Math majors command high salaries. A recent National Association of Colleges and Employers survey that tracked job offers found that the top 15 highest-earning college degrees all have math skills in common.
From calculus to abstract algebra to statistics, the courses included in the mathematics major will help you develop advanced abilities in math. The skills you gain in this program are transferable across many industries and positions, allowing you to pursue a variety of career paths. If you decide to continue your studies with a graduate degree, your BA in math is good preparation. Advanced studies in math have been correlated to higher scores on graduate entrance exams, including the GMAT, GRE and LSAT.
SNHU faculty who teach in the mathematics program have years of experience as mathematicians and educators. They are well skilled in applying theories, principles and concepts of mathematics to real-world situations across a broad range of fields, such as business, economics, natural sciences and social sciences. Classes are highly engaging and use a variety of teaching strategies to keep classes stimulating, among them participatory lectures, group work and fun, math-themed events featuring guest lectures and panel discussions.
Free elective Credits: 33
This course examines the implications of global location and topography for the people of planet Earth. Students will explore how geography shapes the dynamics of human societies, with an emphasis on the geoenvironmental, geopolitical, and geosocial phenomena that help to define the modern world. Global marker.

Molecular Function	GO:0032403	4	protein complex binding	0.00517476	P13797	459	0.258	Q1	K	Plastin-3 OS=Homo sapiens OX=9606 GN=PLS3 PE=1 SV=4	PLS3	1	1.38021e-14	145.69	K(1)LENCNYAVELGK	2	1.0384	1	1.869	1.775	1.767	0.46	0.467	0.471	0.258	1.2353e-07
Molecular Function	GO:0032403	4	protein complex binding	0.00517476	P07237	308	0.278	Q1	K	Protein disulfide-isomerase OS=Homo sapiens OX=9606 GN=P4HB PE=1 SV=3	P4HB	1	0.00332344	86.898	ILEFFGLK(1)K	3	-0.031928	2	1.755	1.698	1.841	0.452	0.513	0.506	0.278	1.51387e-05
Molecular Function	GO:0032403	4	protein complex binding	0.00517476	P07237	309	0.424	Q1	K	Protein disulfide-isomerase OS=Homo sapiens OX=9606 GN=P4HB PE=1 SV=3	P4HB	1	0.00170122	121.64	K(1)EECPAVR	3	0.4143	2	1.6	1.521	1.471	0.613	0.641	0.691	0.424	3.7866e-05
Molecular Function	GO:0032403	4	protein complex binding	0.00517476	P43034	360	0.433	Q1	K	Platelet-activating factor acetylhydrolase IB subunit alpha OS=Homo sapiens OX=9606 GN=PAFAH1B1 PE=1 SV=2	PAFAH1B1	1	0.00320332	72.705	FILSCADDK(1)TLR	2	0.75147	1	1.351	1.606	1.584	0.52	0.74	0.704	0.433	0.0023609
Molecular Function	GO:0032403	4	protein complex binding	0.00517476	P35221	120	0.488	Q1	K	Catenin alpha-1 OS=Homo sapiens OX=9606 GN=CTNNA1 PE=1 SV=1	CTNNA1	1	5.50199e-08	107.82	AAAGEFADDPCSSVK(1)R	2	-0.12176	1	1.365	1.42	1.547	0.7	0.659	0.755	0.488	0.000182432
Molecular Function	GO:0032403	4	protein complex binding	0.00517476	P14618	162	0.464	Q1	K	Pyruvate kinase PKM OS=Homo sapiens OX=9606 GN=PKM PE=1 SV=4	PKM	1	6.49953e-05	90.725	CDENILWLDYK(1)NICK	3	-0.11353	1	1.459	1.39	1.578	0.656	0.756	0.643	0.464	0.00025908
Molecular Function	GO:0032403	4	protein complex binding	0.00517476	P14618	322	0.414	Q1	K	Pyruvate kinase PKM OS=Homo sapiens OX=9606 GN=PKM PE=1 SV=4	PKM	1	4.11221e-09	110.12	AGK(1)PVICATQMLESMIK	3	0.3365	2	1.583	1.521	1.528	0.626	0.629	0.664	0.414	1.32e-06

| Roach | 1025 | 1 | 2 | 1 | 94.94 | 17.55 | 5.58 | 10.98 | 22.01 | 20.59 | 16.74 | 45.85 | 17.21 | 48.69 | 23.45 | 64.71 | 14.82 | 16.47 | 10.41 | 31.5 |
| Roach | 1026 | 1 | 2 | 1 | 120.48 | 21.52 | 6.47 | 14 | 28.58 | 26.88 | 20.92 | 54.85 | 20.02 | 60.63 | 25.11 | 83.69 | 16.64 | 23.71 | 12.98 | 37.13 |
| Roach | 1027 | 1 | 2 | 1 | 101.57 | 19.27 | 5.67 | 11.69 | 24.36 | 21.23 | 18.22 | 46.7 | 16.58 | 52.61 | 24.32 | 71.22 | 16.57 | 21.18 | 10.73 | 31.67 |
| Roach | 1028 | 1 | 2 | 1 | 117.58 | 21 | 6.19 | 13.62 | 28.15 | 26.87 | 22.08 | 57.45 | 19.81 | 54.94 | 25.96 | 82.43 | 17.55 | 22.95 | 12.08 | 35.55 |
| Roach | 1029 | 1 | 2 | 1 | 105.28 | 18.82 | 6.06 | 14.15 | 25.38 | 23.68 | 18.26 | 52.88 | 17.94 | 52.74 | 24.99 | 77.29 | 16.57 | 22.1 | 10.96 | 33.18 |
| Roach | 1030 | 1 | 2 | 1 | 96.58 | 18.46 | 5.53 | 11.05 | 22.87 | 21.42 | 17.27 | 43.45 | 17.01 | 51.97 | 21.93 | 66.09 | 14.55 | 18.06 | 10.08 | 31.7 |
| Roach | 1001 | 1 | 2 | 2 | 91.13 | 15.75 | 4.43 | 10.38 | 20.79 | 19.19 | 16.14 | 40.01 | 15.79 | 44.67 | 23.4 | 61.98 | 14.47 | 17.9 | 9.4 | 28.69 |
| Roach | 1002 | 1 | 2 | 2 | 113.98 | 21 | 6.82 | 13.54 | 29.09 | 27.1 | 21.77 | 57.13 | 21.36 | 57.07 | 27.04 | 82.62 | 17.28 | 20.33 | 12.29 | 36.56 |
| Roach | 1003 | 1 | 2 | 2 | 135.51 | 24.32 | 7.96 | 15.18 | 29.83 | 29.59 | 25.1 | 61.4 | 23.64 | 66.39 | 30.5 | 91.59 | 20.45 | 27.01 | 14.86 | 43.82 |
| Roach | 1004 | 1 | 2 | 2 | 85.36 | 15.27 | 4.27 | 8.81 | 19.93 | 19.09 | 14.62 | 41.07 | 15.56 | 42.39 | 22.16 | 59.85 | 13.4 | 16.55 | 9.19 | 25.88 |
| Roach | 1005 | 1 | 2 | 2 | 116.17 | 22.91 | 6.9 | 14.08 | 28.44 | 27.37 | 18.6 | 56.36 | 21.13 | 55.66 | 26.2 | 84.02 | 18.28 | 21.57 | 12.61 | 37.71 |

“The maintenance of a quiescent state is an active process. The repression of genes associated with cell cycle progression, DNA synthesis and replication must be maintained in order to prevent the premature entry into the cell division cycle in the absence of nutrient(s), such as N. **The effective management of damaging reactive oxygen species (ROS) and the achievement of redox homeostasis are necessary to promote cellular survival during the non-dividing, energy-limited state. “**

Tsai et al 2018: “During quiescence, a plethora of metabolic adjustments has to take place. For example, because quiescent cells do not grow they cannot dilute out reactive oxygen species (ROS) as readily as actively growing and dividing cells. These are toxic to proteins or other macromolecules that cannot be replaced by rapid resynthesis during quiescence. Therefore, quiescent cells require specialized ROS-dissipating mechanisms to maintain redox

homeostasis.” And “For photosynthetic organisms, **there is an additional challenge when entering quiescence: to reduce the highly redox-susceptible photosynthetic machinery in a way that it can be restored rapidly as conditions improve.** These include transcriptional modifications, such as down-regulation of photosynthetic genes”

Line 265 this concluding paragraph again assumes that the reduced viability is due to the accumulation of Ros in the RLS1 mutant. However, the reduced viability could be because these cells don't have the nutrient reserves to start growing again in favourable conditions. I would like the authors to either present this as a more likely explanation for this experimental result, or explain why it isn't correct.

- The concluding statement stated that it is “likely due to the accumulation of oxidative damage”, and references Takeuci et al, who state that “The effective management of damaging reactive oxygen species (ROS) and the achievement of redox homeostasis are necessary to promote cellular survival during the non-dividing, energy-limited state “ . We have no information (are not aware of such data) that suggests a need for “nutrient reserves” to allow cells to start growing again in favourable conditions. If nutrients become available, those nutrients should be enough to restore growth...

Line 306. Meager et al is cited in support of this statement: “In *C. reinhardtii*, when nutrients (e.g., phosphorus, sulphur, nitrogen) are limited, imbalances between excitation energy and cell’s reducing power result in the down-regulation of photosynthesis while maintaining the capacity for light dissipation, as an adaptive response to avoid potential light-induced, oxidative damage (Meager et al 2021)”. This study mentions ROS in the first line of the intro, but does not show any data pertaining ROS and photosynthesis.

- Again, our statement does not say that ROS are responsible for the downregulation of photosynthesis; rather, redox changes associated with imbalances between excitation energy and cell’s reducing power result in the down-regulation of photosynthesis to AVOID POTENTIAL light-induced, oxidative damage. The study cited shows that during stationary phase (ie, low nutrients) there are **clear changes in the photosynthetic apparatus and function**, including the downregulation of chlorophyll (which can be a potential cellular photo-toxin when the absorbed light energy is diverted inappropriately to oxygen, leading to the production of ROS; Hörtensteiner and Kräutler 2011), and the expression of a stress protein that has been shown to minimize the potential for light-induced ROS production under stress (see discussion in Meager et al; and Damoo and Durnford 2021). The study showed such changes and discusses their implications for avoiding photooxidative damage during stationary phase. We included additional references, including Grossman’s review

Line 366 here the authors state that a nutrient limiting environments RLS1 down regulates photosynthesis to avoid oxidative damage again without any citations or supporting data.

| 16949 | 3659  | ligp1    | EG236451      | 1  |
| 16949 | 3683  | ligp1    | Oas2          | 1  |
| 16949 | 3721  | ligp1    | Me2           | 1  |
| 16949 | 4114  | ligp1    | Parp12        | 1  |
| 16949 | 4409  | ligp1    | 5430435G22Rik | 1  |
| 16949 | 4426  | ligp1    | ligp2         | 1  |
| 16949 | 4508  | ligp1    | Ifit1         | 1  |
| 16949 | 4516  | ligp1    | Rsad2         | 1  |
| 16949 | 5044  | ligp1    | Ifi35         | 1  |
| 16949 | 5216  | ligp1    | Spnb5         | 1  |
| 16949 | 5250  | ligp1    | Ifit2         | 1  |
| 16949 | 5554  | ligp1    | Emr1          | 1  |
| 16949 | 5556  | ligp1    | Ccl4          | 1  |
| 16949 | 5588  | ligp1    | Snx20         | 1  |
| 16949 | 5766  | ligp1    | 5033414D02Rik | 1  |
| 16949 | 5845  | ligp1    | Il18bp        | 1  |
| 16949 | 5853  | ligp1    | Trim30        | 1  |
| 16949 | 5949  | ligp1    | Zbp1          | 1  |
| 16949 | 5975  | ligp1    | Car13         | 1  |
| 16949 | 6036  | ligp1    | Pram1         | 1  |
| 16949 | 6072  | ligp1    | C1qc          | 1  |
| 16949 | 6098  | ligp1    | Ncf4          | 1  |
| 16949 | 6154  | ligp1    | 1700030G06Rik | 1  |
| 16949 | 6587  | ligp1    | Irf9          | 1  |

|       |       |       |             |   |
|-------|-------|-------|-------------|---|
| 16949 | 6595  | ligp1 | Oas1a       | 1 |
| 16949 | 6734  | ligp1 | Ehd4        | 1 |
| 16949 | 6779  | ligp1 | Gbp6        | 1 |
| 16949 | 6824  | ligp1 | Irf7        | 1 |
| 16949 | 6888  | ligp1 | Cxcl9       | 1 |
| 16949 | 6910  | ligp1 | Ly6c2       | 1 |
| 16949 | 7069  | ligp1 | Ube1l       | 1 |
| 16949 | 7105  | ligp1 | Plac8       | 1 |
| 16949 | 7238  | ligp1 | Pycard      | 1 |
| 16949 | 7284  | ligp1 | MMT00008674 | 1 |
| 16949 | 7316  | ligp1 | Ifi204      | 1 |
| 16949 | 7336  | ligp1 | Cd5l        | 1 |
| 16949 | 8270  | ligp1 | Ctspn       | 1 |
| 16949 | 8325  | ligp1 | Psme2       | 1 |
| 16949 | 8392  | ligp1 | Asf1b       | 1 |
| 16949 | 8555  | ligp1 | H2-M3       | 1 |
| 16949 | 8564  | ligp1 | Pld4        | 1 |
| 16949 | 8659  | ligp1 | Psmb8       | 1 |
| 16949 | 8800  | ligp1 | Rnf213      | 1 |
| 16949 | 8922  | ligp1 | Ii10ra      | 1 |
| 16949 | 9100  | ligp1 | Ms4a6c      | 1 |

This course is a study of the fundamental principles of correct and incorrect argument, historical forms of deductive logic, and the significance of language and clear verbalization. Offered as needed.
Calculus is the mathematical study of change that has widespread applications in science, engineering, economics and business. This course provides a rigorous introduction to single-variable calculus. Topics include limits, continuity, differentiation and integration of algebraic, trigonometric, exponential, and logarithmic functions, applications of derivatives, and integration, including the Fundamental Theorem of Calculus. This course will encourage students to think beyond memorizing formulas and to work towards understanding concepts. Students may not take both MAT 210 and MAT 225 for credit.